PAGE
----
WXRT host Lyn Bremer dies at 68

Lin Bremer often ended his segment of “Lin’s Bin” radio articles by saying, “You don’t take anything for granted. It’s great to be alive.”

That was the mantra for years for the host of WXRT-FM (93.1)—who became a household name in Chicago, known for his wit and sense of humor. Countless listeners who have never met Bremer consider him a friend.

Bremer passed away on Sunday at the age of 68.

“It is with a heavy heart that we must inform you that we have all lost our best friend. Len Bremer fought cancer as best he could,” fellow host Terry Hemmert wrote in a post Sunday morning. “He passed away early this morning, peacefully, with his wife and son by his side.”

Primer announce This past July, he was taking a break from the station to undergo chemotherapy for prostate cancer. Bremer returned to the air briefly in November, Says Television station WBBM stated that “Radio has been my life.”

Bremer has been with WXRT for over three decades, mostly as a morning DJ until he moved to the mid-2020s.

Lyn Bremer in his office at WXRT in 2006. “I think in another life he’d be a professor of English,” said colleague Mary Dixon.

He is perhaps best known for his “Lin’s Bin” stanzas, which consisted of him answering a listener’s question, blending prose with his encyclopedic knowledge of music and popular culture.

Lin’s Bin was often funny and sometimes serious.

“‘Lin’s Bin’ was so well done, it was a work of art. It was a throwback to the golden age of radio. It will make you laugh out loud. It will make you cry,” said Norm Weiner, who was WXRT’s program director when Bremer hired him in 1984.

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These radio articles satisfied the creative yearning of Bremer, who had developed a love of literature in high school. “It’s a creative outlet. There’s no one looking over my shoulder,” Bremmer Tell The Sun-Times in 2018.

Mary Dixon, who worked alongside Bremer as host for 28 years, said: “I think in another life he would have been an English professor. He was a philosophy nerd and an English student at Colgate. But he came at a time when rock and roll was the thing.” New poetry.

Bremer communicated with countless Chicagoans—even though they had never met him in person.

“There’s a reason I’ve heard a few people cry today, saying they feel silly because they didn’t even know him — but they did,” said WXRT host Emma Mack. Bremer’s “connection to you was genuine, positive, genuine, and kind.”

Messages honoring Bremer went viral on social media after his death.

“Lynn Bremer was the voice of Chicago. His voice was unique and a perfect way to start the day,” former mayor and current US Ambassador to Japan Rahm Emanuel wrote on Twitter.

“Chicago has lost its best friend,” said US Rep. Mike Quigley Spread.

Bremer, a season ticket holder for the Cubs, had his name displayed on the marquee at Wrigley Field on Sunday.

Bremer was born in Queens, New York, and began his career in radio as a Sunday morning DJ in Albany. The first song he ever played as a professional DJ was “Within You Without You” by the Beatles because “I always felt life flowing through you, but most of all without you,” Bremer He said in 2017.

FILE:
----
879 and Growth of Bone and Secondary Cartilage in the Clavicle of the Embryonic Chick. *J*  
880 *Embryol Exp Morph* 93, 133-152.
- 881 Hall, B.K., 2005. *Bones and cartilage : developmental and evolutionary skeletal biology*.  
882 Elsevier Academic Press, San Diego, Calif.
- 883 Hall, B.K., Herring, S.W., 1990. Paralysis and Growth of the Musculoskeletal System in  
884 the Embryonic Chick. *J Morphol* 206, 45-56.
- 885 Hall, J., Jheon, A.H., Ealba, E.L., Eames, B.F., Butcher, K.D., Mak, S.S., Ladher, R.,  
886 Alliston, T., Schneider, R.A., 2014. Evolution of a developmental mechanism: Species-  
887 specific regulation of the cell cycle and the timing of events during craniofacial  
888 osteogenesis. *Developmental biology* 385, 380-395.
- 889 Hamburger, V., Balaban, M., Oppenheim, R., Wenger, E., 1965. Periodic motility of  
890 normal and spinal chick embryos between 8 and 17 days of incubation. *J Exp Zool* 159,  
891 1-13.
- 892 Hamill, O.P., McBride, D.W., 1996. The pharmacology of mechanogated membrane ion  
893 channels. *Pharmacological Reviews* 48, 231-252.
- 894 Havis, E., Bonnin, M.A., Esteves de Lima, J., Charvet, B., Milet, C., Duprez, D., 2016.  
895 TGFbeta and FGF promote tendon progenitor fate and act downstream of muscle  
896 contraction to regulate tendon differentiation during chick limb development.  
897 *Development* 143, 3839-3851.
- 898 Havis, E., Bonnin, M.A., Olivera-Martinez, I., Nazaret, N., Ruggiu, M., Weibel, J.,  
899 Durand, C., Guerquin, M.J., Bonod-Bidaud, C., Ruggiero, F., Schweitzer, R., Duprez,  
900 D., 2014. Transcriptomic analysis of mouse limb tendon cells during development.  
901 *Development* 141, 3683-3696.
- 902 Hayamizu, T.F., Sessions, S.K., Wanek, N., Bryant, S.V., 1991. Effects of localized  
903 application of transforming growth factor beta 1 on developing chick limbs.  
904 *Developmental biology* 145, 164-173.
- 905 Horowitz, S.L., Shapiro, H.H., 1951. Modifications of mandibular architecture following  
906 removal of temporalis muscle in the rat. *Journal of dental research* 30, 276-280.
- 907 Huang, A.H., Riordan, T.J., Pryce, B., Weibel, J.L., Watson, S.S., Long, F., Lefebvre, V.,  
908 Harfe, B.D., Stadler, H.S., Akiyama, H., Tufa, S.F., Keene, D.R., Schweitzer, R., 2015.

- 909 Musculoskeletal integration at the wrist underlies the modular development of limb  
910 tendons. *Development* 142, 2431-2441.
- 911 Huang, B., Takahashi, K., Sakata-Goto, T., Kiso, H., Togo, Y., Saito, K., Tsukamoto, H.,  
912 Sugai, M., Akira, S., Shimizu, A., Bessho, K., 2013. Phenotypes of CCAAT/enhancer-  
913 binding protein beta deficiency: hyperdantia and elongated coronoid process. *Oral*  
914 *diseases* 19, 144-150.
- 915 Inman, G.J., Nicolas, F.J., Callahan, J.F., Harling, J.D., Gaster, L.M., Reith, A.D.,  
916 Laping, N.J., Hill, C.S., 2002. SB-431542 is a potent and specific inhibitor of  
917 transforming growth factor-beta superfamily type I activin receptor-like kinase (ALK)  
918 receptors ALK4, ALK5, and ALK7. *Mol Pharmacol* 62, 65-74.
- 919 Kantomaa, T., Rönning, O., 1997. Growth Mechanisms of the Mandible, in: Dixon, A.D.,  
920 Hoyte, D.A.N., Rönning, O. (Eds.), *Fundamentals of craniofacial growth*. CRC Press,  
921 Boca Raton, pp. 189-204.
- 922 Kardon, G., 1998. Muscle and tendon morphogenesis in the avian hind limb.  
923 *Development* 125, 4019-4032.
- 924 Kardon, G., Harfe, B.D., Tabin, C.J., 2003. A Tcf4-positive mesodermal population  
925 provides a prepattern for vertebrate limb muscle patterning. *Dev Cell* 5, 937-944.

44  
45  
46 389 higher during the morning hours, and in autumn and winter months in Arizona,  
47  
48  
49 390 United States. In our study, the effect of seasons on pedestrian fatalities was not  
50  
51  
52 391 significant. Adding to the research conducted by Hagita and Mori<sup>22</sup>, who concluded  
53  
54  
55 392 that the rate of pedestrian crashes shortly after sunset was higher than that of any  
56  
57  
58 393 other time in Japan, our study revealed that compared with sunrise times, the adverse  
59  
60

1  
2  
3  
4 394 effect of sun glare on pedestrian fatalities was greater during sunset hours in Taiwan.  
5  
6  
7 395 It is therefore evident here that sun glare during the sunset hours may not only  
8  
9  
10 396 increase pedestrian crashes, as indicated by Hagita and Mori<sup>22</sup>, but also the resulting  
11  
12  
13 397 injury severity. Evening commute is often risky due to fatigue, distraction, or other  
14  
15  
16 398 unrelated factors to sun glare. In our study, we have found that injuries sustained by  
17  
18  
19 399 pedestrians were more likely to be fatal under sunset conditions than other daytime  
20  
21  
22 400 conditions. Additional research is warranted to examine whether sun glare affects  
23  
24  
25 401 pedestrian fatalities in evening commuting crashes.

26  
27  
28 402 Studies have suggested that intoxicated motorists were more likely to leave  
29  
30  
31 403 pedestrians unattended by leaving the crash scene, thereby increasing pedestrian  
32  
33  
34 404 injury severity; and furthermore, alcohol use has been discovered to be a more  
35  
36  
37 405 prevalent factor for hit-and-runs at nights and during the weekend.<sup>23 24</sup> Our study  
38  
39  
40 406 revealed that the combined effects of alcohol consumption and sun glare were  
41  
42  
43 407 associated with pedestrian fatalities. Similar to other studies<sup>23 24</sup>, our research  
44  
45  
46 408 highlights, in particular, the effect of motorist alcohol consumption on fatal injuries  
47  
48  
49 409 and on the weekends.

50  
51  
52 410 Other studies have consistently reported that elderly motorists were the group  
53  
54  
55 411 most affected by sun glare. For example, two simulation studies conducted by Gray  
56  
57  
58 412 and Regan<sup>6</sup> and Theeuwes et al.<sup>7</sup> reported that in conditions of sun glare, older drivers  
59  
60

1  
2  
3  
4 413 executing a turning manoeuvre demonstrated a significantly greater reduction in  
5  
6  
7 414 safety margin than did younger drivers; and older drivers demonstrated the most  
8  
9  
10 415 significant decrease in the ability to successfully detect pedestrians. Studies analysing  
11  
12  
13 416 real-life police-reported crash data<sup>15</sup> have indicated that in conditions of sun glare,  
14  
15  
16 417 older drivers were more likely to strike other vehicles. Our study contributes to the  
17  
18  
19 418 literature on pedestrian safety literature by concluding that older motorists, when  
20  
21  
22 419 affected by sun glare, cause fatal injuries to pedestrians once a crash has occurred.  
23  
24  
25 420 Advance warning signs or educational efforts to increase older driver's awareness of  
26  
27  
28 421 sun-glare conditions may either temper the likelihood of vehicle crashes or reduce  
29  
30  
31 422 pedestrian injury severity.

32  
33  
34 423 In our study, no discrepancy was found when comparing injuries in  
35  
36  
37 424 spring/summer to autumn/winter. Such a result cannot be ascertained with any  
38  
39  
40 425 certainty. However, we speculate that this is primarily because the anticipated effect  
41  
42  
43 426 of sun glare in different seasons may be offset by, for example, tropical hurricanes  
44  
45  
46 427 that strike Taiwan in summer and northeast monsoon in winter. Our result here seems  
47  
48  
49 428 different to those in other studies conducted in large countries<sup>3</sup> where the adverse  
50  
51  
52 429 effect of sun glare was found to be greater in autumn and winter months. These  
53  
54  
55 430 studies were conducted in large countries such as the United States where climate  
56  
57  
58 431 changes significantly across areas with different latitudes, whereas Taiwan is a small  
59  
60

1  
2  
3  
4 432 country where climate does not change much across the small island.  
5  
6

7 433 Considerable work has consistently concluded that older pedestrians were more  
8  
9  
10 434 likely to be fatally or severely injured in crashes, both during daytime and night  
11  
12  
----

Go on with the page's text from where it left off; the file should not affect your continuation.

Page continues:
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On that station, he was nicknamed “The Reverend” because he would recite poetry over the song’s introductions. “I would slip into Dylan Thomas or William Wordsworth,” he once said Tell The Sun Times.

Asked who he wanted to meet in Heaven, Bremer said, “Here’s the thing, most of my musical heroes may not be in Heaven, and they might be in Hell’s Episode III.”

Bremmer moved to Chicago in 1984 to be music director at WXRT. He worked behind the scenes until 1990, then worked in radio for a short time in Minneapolis. “I was there for 12 months, had a great time… Then I found out the owner of my radio station was broke. He made things very difficult,” Bremer said.

He returned to WXRT the following year and took Hemmert’s place as the morning DJ.

Bremer once described himself as a “bump player”.

“It’s just not me,” he told the Sun-Times. “The closest I get to a shock is standing up for civil rights or religious freedom. That’s pretty shocking these days.”

Brimmer said he loved the theater, music, and dining scene in Chicago, as V.I interview on WXRT in 2017. “I love eating out in Chicago,” he said. “Whether it’s Italian beef with chili or a 12-course menu in Acadia, I love the culinary scene here.

“And of course the most important thing is the music: from the Chicago blues, from going to Buddy Guy’s Legends, to seeing all the artists who choose Chicago as one of their main stops on their tours,” he said.

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Bremer was also fond of sailing on Lake Michigan. “There’s something about that moment when you raise the sails and shut the engine and there’s nothing but the sound of the wind. It’s one of the greatest moments you can have,” he said in the interview.

Brimmer has also been a supporter of the ALS community, serving as a spokesperson for events and fundraisers for nearly three decades. “Lane’s dedication to the ALS community as a spokesperson for the Les Turner ALS Foundation has been legendary.” Andrea Pauls Backmann, CEO of the foundation, said in a statement.

WXRT will celebrate Brehmer’s life on the air Mondays at 10 a.m

“We will keep each other safe during this painful time,” Hemmert wrote. “Lynn wants it. Don’t take anything for granted.”

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